16 May 2006

Juggling

One of the things I miss about teaching junior high is that the school year would gently roll to a close. High school---and now Curriculum---are not like that at all. It's a scramble to the finish line. Between elementary science, secondary science, as summer seminar commitments, my plate feels a little full these days.

I did spend a couple of hours this morning with our current mentor program coordinator. I have a much broader sense of what those duties will entail---and how that will be one more ball to keep in the air next year. Here is what is already going to be juggled:
  • New science kit center to set up and maintain for grades k - 6
  • Provide two 8-week rotations of science kits to grades k - 5, including some new materials
  • Implement curriculum mapping for grades 6 - 9
  • Develop "cadre" model of staff development in math and science (3 meetings per year; 1 rep per grade level per school)
  • Full year science for grades 7 - 9 at all schools for all students
  • New curriculum materials for grades 6 - 9
  • New facilities for science at two junior highs
  • Professional development offerings for k - 6 teachers
  • Science notebook development and integration for grades k - 6
  • Trimester grade level meetings for grade 7 - 9 alignment work
  • Development of common assessments for grades 7 - 9
  • Program revision for alternative schools
  • Investigate remediation opportunities for high school students who don't meet the standards in science

The mentor responsibilities will include

  • Weekly 30-minute observations of new teachers during the first quarter of the year
  • Weekly e-mail communication to new teachers and their mentors
  • Monthly meetings with all new teachers
  • Summer training for the induction program

And more goodies. I won't be bored next year.

14 May 2006

Advice from the Boss Lady

I talked with the Boss Lady on Friday about my continuing struggle to help teachers focus on student learning. Right or wrong, I think this is the most essential component to making change happen in the classroom for all students. I don't really care if teachers ascribe to a constructivist model or adopt an inquiry stance or consistently use brain-based strategies. There are lots of things out there that can help students learn and I know that teachers need to find models that work best for both their students and them. The problem right now is that most of the teachers I work with---especially at the secondary level---are only considering what model supports teaching alone.

The Boss Lady suggested that I put the issue back to teachers in the form of "What would you like me to look for when I visit your classroom?" Keep in mind that this is not meant as an evaluative situation, but rather as a way of coaching instruction. Will teachers say the "right" answers but not internalize them? In visiting their classes and seeing the disconnect between what they say and what they do, will we then be able to have the kinds of conversations that might lead to change?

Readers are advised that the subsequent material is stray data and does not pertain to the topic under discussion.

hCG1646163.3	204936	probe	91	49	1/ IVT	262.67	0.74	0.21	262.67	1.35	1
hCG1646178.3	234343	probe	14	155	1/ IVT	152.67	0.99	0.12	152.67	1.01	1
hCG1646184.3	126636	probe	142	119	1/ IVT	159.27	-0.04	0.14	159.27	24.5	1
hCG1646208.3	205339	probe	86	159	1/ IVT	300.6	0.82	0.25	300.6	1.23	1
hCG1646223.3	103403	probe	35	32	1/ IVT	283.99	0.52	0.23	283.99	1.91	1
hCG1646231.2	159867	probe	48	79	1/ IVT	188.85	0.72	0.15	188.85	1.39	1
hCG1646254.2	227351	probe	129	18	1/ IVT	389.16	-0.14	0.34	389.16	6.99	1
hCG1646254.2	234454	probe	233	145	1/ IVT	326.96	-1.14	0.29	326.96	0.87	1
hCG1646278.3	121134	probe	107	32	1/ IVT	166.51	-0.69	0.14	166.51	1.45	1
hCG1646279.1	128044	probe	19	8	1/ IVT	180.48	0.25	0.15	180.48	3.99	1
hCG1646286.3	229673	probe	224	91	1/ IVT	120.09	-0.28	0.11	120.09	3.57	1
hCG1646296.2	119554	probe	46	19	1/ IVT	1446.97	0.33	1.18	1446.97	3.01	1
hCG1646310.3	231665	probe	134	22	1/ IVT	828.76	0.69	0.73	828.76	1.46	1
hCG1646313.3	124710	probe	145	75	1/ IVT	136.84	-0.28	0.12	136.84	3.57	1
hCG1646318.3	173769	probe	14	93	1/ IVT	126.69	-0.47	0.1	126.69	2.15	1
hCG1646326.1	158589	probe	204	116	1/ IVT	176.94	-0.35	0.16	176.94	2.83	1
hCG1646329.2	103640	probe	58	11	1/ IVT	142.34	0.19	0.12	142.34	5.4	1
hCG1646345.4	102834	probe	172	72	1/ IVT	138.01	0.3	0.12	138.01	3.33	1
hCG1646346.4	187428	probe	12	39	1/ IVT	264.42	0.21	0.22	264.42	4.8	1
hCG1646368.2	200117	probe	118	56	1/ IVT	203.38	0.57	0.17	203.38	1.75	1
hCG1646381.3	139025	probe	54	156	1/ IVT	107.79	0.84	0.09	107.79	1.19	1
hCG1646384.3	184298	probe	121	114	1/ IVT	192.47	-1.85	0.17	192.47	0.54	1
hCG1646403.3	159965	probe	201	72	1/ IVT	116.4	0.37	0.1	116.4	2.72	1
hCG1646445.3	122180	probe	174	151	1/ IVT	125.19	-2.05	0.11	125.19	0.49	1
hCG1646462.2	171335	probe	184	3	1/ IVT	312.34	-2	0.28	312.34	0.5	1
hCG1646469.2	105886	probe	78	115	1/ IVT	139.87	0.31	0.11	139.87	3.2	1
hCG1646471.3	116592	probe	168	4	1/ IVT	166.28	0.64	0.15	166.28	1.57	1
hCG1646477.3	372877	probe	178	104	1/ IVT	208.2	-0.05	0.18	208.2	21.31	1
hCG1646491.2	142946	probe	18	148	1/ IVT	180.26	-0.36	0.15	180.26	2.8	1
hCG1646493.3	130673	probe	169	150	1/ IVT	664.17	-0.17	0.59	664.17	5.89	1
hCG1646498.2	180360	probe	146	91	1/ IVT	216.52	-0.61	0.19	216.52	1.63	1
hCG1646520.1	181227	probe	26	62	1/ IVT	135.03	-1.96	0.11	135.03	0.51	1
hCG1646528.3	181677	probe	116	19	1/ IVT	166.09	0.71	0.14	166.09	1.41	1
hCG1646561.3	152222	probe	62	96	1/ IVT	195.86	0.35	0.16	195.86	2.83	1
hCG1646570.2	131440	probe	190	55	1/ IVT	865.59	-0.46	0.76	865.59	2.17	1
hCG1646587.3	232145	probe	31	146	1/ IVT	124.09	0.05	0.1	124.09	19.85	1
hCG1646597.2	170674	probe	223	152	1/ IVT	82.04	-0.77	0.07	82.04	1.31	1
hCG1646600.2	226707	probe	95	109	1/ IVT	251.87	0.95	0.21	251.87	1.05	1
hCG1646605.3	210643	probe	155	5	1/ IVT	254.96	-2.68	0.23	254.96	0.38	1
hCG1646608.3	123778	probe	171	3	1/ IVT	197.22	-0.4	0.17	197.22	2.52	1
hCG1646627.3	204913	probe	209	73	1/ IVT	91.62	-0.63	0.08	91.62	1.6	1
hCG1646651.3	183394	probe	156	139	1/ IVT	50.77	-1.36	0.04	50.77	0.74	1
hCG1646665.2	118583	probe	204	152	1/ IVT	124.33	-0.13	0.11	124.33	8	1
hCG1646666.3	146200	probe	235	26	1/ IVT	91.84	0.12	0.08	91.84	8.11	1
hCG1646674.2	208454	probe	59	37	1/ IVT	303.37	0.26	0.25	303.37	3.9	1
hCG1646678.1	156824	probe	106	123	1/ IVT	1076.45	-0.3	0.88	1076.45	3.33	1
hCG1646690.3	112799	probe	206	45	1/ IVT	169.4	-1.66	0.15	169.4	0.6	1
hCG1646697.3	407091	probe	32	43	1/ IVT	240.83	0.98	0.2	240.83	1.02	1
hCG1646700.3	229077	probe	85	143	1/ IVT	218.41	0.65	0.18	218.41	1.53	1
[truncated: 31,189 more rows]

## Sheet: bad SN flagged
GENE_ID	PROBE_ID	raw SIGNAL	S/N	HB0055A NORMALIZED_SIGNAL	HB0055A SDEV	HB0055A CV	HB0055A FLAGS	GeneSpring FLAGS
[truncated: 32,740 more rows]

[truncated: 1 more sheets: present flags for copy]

Most of what I'm reading these days seems to support the idea that there has to be a change in practice prior to a change in beliefs. Maybe I just need to pick a few instructional strategies and convince them to give them a whirl...have them collect some student work...and then look at it with them. Whatever happens, I need to find some way to move their thinking into the "student learning" realm. I'll give the Boss Lady's advice a try.

13 May 2006

Mentoring n00bs

Part of my job three months from now will be organizing a program to mentor teachers new to the profession...that is, if we hire any. I'm doing a bit of reading and came across this quote from Fran McDonal's Study of Induction Programs for Beginning Teachers:
"It is a truism among teachers and especially teacher educators that within the first six months of the first experience of teaching, the teacher will have adopted his or her basic teaching style. Experience indicates that once a teacher's basic teaching style has stabilized, it remains in that form until some other event causes a change, and at the present time, there are not many such events producing change. If the style adapted is a highly effective one and is the source of stimulation and continuous growth, there would be no probem. But if teachers abandon their ideals and become cynical, see management at any price as essential, constrict the range of instruction
alternatives they will try or use; if they become mediocre teachers or minimally competent, then the effect of the transition period on this is a major concern and a problem that needs direct attention."

This quote generates a lot of questions for me. Are there any data to support these "truisms"? Does a strong teacher induction program (i.e. mentoring) really have that strong of an influence on what happens during the first six months? What sorts of "changes" help those who are set in their ways adopt a new style of classroom teaching?

When I think about my time at my current school, there haven't been many brand new teachers. It's been a really long time since I've had any conversations with newbies or thought about what tools teacher education programs are putting in their hands. Are today's teachers any better to prepared the challenges of standards-based education for all students than I was fresh out of college? I really hope the answer is "yes," but I also feel like most of what you learn about teaching happens when you finally have a classroom of your own. It's on-the-job training and somehow, I have to find my own way to support that.

Of course, most of our new teachers these days are not new to adulthood. Many of them have chosen teaching as a second career and will have a wealth of life experience to bring to the table.